A few notes on defence.
1. On reserves, check Land Ops at 7-58 to 7-60. The reserve preserves a commander's freedom of action through initial uncommitment. That doesn't mean you do not assign it potential tasks - to put it another way, if you have an element that is outside of your main and supporting efforts and is given a series of "Be prepared to" tasks, then you've constituted a reserve. Conversely, if you put a unit in depth and give it a "block" task, then it isn't really a reserve, as by executing his task to block, that subordinate isn't really giving you freedom of action.
In fact, counter-moves (reinforcement/blocking/counterattack) is the likely probable task of reserves in the defence. Historically, good defensive schemes put a large proportion of their strength in depth reserves which were tasked with counter-moves. A good example that I recently ran into was Mustafa Kemal at Gallipoli. His division held a sector in which he placed two of his regiments up, retaining a third in reserve. As well, he took one of three battalions from each of the frontline regiments into the reserve as well: in total, five of his nine battalions were reserves.
2. On reserves. Sometimes, I don't think we really put thought into what constitutes our reserve - we just designate one to check the box, even if it doesn't make sense. I'm personally not convinced a platoon needs a reserve. In many (most?) cases, a company probably doesn't need one either. What does a company commander have that can preserve his freedom of action? Can an 8-man section really do much for him? If the nature of the task and terrain allows a company commander to keep a 1/2 platoon or greater out of the battle, then I think he has something workable. I think its entirely suitable for a battalion commander to carve off parts of his companies to form a central reserve, and for the company commanders to have none.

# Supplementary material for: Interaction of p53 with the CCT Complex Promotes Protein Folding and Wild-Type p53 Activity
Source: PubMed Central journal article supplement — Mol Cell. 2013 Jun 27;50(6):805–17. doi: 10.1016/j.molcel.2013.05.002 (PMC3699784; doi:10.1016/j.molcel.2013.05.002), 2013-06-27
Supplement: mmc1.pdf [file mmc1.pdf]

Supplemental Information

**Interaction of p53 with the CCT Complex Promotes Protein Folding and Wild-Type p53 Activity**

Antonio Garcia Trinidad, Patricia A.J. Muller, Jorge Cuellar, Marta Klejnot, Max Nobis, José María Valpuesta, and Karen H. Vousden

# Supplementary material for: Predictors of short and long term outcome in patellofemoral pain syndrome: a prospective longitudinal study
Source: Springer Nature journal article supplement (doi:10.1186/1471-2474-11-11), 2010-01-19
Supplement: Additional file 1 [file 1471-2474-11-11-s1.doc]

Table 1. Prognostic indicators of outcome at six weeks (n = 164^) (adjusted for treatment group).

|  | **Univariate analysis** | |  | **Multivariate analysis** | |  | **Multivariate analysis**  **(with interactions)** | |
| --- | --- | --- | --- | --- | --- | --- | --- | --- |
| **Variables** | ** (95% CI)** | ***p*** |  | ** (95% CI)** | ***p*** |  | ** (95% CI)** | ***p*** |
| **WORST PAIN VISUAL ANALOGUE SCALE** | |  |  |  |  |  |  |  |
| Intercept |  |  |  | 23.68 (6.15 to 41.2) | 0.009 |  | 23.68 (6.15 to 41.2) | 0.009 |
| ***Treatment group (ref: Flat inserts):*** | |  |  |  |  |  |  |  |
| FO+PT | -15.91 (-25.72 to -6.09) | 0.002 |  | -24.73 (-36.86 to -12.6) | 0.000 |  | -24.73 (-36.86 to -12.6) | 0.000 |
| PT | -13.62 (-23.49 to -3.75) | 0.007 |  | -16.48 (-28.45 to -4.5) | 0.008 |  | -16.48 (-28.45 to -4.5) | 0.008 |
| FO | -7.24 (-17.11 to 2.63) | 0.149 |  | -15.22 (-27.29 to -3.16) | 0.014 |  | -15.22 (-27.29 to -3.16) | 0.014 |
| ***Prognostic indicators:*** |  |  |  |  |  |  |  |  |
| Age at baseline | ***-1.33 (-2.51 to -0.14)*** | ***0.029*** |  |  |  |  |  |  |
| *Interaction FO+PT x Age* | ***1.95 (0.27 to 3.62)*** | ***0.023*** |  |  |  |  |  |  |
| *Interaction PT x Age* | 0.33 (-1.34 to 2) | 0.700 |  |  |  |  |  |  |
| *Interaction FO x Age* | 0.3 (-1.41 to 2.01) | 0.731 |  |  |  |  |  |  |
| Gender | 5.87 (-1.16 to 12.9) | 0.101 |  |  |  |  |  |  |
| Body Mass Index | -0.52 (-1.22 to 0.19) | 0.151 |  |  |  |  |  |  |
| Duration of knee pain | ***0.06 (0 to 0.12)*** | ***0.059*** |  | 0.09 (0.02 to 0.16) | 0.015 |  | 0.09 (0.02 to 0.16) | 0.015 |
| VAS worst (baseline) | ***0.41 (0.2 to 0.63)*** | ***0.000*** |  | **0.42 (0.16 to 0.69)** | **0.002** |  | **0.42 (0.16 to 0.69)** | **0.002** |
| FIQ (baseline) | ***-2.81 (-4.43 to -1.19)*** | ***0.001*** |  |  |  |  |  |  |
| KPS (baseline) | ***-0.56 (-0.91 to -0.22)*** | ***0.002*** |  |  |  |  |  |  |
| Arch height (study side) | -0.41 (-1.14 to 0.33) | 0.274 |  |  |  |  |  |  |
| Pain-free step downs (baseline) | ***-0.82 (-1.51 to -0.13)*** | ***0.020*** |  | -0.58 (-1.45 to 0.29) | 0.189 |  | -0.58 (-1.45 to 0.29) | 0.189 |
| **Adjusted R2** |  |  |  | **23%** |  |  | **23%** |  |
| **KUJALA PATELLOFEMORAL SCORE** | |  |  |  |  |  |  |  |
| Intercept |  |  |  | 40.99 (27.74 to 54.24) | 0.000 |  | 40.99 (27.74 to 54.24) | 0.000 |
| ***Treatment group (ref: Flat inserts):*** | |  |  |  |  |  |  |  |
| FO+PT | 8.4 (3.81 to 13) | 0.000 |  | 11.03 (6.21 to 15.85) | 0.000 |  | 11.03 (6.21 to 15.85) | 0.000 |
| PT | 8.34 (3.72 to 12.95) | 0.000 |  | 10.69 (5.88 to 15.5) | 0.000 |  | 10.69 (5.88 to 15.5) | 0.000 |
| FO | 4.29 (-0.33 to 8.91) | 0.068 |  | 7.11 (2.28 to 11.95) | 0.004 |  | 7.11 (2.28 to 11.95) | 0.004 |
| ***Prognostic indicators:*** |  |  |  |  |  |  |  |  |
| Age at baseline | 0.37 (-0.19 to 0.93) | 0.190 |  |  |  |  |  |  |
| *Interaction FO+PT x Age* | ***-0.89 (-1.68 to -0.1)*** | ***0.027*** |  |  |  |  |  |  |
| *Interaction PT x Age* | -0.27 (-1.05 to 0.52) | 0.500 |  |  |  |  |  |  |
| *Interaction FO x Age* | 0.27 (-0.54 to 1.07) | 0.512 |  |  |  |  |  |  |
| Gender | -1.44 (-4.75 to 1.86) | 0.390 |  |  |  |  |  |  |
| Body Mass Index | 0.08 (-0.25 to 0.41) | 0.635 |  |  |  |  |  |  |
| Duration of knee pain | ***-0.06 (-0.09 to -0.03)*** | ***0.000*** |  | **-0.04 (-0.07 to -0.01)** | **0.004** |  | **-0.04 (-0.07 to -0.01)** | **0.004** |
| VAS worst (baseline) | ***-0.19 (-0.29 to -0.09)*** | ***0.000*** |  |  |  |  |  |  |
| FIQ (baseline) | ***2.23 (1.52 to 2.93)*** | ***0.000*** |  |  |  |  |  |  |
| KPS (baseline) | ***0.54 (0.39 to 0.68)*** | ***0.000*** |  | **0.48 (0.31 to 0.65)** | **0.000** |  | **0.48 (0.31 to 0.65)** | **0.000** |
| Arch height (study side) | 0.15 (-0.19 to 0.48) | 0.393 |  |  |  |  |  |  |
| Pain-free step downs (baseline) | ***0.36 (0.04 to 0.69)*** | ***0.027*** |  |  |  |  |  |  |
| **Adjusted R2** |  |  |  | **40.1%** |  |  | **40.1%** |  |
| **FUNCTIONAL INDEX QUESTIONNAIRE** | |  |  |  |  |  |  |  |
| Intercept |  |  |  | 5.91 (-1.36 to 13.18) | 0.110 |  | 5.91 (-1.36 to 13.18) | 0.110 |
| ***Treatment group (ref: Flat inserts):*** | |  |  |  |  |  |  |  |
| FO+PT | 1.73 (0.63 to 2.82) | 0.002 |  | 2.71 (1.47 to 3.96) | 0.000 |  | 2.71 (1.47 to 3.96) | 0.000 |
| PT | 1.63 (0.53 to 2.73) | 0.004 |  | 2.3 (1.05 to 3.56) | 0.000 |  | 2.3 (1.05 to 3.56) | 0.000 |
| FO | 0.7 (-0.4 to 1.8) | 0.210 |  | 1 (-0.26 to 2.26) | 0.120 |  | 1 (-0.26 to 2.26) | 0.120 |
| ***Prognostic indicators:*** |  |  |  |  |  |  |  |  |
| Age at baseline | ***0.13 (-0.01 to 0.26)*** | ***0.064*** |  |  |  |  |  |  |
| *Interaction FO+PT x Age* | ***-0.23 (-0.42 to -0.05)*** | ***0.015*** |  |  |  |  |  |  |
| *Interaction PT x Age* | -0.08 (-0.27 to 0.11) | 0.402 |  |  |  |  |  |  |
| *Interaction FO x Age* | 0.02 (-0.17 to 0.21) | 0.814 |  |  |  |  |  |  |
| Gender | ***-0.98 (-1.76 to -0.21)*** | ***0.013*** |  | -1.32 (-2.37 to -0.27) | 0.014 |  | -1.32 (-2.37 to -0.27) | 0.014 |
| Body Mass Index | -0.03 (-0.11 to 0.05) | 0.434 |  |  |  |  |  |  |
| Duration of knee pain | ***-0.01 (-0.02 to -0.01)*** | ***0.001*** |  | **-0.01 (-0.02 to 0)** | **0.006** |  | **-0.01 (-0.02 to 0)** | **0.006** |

3. My personal belief is that the Canadian Army doesn't "do" defensive exercises too well as it isn't in our "genetic structure." Over the last 100 years, we spent the First World War attacking Germans on the Western Front, spent the Second World War attacking Germans in Italy and NW Europe, maintained a war of patrols with an unmechanized foe in Korea, and spent the Cold War in Europe preparing to fight a form of mobile defence. From my reading on 4 CMBG, we likely achieved a degree of sophistication in mechanized defence there, but that's about state of the art for us.
Our theory and our operational approach pales into anything you could find in reading about the Gustav, Gothic, or Siegfried Lines. Look at the typical battalion defensive exercise. The battalion goes out, puts three companies on line, and then digs a fairly linear position. Brigade defensive schemes I've observed on exercises aren't much more sophisticated. The general concept is that we wait (and hope) the enemy bangs into our obstacles and gets destroyed by our fires while trying to breach them...how is it we always breach enemy obstacles but they really get hung up on ours? There is no depth, no understanding of the immediate and deliberate counterattack, and no designation of battlespace into zones/sectors to fight a phased battle. Find an officer who can put a brigade in an elastic defence.
Anyone who wants to really understand the defence needs to read Lossberg's Memoirs
(now in English!). He essentially invented the modern system of defence in depth that is still predominant today - he was the guy who patched things up in Arras after the Canadian Corps blew a hole open at Vimy.